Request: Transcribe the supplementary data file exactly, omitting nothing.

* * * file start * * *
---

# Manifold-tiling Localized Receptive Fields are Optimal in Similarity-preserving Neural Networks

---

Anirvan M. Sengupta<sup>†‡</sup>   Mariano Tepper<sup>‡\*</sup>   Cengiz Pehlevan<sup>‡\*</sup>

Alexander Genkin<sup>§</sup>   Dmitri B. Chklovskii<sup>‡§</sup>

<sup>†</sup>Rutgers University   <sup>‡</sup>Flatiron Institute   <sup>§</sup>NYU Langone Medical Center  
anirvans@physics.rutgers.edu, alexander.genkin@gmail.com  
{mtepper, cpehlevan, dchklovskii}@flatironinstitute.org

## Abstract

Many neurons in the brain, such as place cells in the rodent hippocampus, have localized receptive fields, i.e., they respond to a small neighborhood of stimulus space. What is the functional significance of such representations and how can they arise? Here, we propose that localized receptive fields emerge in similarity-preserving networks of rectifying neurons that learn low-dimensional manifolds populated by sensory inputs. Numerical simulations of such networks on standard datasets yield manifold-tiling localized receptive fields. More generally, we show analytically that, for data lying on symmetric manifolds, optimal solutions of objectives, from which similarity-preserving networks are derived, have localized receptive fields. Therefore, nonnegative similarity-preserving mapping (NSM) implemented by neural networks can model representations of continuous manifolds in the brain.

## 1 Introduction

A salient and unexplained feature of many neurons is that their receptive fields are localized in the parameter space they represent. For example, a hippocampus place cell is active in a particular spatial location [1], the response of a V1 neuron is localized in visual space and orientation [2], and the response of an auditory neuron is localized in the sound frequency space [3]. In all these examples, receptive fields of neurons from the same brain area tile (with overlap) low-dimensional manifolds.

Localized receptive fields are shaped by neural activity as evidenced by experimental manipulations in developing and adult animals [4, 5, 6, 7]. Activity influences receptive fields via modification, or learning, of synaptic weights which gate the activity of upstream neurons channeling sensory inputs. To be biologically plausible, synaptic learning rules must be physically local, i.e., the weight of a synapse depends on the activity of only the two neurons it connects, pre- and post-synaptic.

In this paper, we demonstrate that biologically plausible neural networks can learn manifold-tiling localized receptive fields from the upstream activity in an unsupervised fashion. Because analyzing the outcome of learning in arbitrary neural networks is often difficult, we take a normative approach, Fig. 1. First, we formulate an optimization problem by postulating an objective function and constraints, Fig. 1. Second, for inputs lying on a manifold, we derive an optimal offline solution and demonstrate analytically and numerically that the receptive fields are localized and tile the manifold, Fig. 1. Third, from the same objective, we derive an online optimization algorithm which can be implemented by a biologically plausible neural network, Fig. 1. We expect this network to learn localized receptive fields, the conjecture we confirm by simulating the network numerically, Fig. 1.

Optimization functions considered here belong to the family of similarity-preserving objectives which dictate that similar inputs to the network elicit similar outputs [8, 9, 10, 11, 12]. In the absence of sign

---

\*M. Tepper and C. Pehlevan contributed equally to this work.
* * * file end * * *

---

# Manifold-tiling Localized Receptive Fields are Optimal in Similarity-preserving Neural Networks

---

Anirvan M. Sengupta<sup>†‡</sup>   Mariano Tepper<sup>‡\*</sup>   Cengiz Pehlevan<sup>‡\*</sup>

Alexander Genkin<sup>§</sup>   Dmitri B. Chklovskii<sup>‡§</sup>

<sup>†</sup>Rutgers University   <sup>‡</sup>Flatiron Institute   <sup>§</sup>NYU Langone Medical Center  
anirvans@physics.rutgers.edu, alexander.genkin@gmail.com  
{mtepper, cpehlevan, dchklovskii}@flatironinstitute.org

## Abstract

Many neurons in the brain, such as place cells in the rodent hippocampus, have localized receptive fields, i.e., they respond to a small neighborhood of stimulus space. What is the functional significance of such representations and how can they arise? Here, we propose that localized receptive fields emerge in similarity-preserving networks of rectifying neurons that learn low-dimensional manifolds populated by sensory inputs. Numerical simulations of such networks on standard datasets yield manifold-tiling localized receptive fields. More generally, we show analytically that, for data lying on symmetric manifolds, optimal solutions of objectives, from which similarity-preserving networks are derived, have localized receptive fields. Therefore, nonnegative similarity-preserving mapping (NSM) implemented by neural networks can model representations of continuous manifolds in the brain.

## 1 Introduction

A salient and unexplained feature of many neurons is that their receptive fields are localized in the parameter space they represent. For example, a hippocampus place cell is active in a particular spatial location [1], the response of a V1 neuron is localized in visual space and orientation [2], and the response of an auditory neuron is localized in the sound frequency space [3]. In all these examples, receptive fields of neurons from the same brain area tile (with overlap) low-dimensional manifolds.

Localized receptive fields are shaped by neural activity as evidenced by experimental manipulations in developing and adult animals [4, 5, 6, 7]. Activity influences receptive fields via modification, or learning, of synaptic weights which gate the activity of upstream neurons channeling sensory inputs. To be biologically plausible, synaptic learning rules must be physically local, i.e., the weight of a synapse depends on the activity of only the two neurons it connects, pre- and post-synaptic.

In this paper, we demonstrate that biologically plausible neural networks can learn manifold-tiling localized receptive fields from the upstream activity in an unsupervised fashion. Because analyzing the outcome of learning in arbitrary neural networks is often difficult, we take a normative approach, Fig. 1. First, we formulate an optimization problem by postulating an objective function and constraints, Fig. 1. Second, for inputs lying on a manifold, we derive an optimal offline solution and demonstrate analytically and numerically that the receptive fields are localized and tile the manifold, Fig. 1. Third, from the same objective, we derive an online optimization algorithm which can be implemented by a biologically plausible neural network, Fig. 1. We expect this network to learn localized receptive fields, the conjecture we confirm by simulating the network numerically, Fig. 1.

Optimization functions considered here belong to the family of similarity-preserving objectives which dictate that similar inputs to the network elicit similar outputs [8, 9, 10, 11, 12]. In the absence of sign

---

\*M. Tepper and C. Pehlevan contributed equally to this work.